In this post, guest blogger Zelmarie Cantillon provides an overview of a recently published book by Deborah Withers called 'Feminism, Digital Culture and the Politics of Transmission: Theory, Practice and Cultural Heritage'. The principal focus of this book is the Women's Liberation Music Archive.
***Digital cultures and tools have significantly altered the ways in which heritage may be constructed, curated, communicated and engaged with. While it is widely understood that modes of historical preservation such as archives work to transmit particular values and knowledges, the technical processes of this transmission are often overlooked. In her book, Withers considers how transmission of feminist knowledges (what she terms feminism’s ‘already-there’) operates in a digital context, drawing on her experience as co-founder of the online Women’s Liberation Music Archive.
Music-making during the UK Women’s Liberation Movement (WLM) was ephemeral, anti-commercial and practice-based. The women involved produced few ‘finished’ recordings, let alone professionally-recorded tracks, and had garnered little exposure beyond an audience of feminists who were already directly involved in the movement in specific places and times. Since popular music heritage is conventionally thought to be grounded in materiality, Withers suggests that these more ephemeral practices can be deemed ‘intangible cultural heritage’. Central to this kind of heritage are performative practices and traditions (for example, storytelling, dance or music-making) which are passed down (transmitted) to future generations. Intangible cultural heritage is always flexible as traditions are continually re-enacted, re-shaped and transformed through practice.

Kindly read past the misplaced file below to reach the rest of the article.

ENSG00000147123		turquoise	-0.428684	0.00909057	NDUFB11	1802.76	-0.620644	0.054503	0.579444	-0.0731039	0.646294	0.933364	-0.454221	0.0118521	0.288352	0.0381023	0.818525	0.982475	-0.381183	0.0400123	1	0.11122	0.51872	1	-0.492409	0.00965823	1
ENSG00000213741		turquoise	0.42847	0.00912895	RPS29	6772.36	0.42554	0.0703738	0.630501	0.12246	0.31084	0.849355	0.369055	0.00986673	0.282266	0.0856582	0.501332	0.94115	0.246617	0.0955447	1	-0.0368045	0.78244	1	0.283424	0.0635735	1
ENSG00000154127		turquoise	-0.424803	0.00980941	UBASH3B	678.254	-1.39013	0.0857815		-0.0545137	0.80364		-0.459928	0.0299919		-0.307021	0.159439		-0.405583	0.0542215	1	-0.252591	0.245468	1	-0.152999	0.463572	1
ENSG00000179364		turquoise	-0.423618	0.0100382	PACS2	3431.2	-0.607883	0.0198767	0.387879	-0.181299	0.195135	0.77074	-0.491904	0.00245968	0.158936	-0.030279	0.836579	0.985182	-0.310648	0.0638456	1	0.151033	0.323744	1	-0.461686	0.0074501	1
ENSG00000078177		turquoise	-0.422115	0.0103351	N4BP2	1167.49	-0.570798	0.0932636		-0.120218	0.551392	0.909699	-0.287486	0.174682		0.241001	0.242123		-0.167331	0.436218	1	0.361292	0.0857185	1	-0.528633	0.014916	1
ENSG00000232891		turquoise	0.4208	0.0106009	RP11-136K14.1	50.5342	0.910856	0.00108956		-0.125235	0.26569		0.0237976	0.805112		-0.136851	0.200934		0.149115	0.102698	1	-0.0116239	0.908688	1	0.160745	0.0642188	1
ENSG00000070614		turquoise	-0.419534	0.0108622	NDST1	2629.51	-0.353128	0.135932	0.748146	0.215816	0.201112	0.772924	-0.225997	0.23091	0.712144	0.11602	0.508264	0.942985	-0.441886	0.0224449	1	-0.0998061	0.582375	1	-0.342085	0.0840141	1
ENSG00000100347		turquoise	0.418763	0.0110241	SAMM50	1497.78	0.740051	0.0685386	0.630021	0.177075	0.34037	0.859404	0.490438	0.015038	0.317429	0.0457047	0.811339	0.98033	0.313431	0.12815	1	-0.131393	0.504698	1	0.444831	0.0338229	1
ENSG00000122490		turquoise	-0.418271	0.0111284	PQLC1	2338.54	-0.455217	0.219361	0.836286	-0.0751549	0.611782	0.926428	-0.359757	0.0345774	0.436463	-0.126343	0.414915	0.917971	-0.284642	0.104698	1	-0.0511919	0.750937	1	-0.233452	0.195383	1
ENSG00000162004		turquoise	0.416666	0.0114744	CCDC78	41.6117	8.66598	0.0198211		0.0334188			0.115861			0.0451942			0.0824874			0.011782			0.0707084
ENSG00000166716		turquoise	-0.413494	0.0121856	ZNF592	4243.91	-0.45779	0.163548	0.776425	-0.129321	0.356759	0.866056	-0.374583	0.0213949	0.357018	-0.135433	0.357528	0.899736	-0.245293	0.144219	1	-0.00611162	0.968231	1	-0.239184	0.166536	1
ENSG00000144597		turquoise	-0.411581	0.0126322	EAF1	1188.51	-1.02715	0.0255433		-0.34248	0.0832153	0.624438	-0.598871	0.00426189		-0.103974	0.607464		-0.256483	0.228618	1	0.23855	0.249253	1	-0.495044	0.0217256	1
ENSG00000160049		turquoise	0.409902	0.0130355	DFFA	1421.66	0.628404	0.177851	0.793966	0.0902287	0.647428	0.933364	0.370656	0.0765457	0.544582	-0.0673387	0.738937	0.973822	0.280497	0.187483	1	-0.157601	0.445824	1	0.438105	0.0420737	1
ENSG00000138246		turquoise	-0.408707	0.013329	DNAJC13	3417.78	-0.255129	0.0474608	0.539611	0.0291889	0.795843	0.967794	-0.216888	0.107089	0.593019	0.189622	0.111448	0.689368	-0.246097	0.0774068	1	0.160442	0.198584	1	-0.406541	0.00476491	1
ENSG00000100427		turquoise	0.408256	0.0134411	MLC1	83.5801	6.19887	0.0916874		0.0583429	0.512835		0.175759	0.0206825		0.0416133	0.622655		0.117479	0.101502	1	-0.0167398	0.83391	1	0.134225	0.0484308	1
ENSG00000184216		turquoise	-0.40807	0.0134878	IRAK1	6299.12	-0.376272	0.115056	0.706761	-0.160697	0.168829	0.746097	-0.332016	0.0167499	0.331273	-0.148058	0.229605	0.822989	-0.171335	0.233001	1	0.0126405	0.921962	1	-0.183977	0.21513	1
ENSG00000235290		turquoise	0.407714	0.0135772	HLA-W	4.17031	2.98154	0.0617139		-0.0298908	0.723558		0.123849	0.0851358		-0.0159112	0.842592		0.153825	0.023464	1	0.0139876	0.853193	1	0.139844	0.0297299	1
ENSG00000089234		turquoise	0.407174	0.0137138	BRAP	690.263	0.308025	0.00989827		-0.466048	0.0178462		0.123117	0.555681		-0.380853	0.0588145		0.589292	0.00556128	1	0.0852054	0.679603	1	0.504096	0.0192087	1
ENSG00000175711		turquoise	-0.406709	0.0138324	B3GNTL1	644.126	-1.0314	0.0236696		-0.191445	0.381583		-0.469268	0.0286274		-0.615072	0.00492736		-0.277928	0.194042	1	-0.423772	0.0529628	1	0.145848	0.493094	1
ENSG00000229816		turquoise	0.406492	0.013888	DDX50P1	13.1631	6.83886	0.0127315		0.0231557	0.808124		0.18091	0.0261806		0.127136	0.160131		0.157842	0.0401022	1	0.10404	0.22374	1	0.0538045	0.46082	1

The Women’s Liberation Music Archive (WLMA) is an example of a digital repository for intangible cultural heritage. Withers explains that she was compelled to start the archive out of a feeling of frustration with the inaccessibility and inactivity of WLM artefacts in physical archives. Using freely available digital tools like Wordpress, SoundCloud and YouTube, Withers was able to start her own archive with co-founder Frankie Green, a musician from the WLM era. Choosing a digital medium was especially appropriate for a repository of this kind – both the content and form of the archive are processual in that the artefacts are incomplete, rough works-in-process, and the blog is dynamic and characterised by a temporal ‘liveness’. This is what Withers calls an ‘archive of process’.
In a broader sense, the digital sphere offers the possibility to increase visibility of marginalised groups and cultures which have lingered on the periphery of cultural memory, at risk of being lost and forgotten. A digital archive can be created by an enthusiast with little to no archival training or funding, and with a significantly larger potential audience than a physical archive. Further, and of particular importance to feminism, the grassroots digital archive allows for self-determination and independence from institutional constraints. There are, however, limitations to digital archives. While digitisation may temporarily extend the life of analogue materials, rapid advances in technology mean tools and file formats can quickly become obsolete. For example, Withers recalls errors she made as an amateur archivist, such as making low resolution scans of photographs and digitising audio into low quality MP3 files.
In any case, preservation is not the only concern for community-based archives like the WLMA. By placing the archive in the digital realm, the archivists are re-circulating and transmitting feminism’s past so that it can be used. They are making traditions, practices and knowledges available to be re-interpreted, re-enacted and transformed in the present and into the future. As Withers argues, this access and engagement is essential for the continuation of feminist thought and activism.
Withers, Deborah M 2015, Feminism, Digital Culture and the Politics of Transmission: Theory, Practice and Cultural Heritage, Rowman & Littlefield International, London.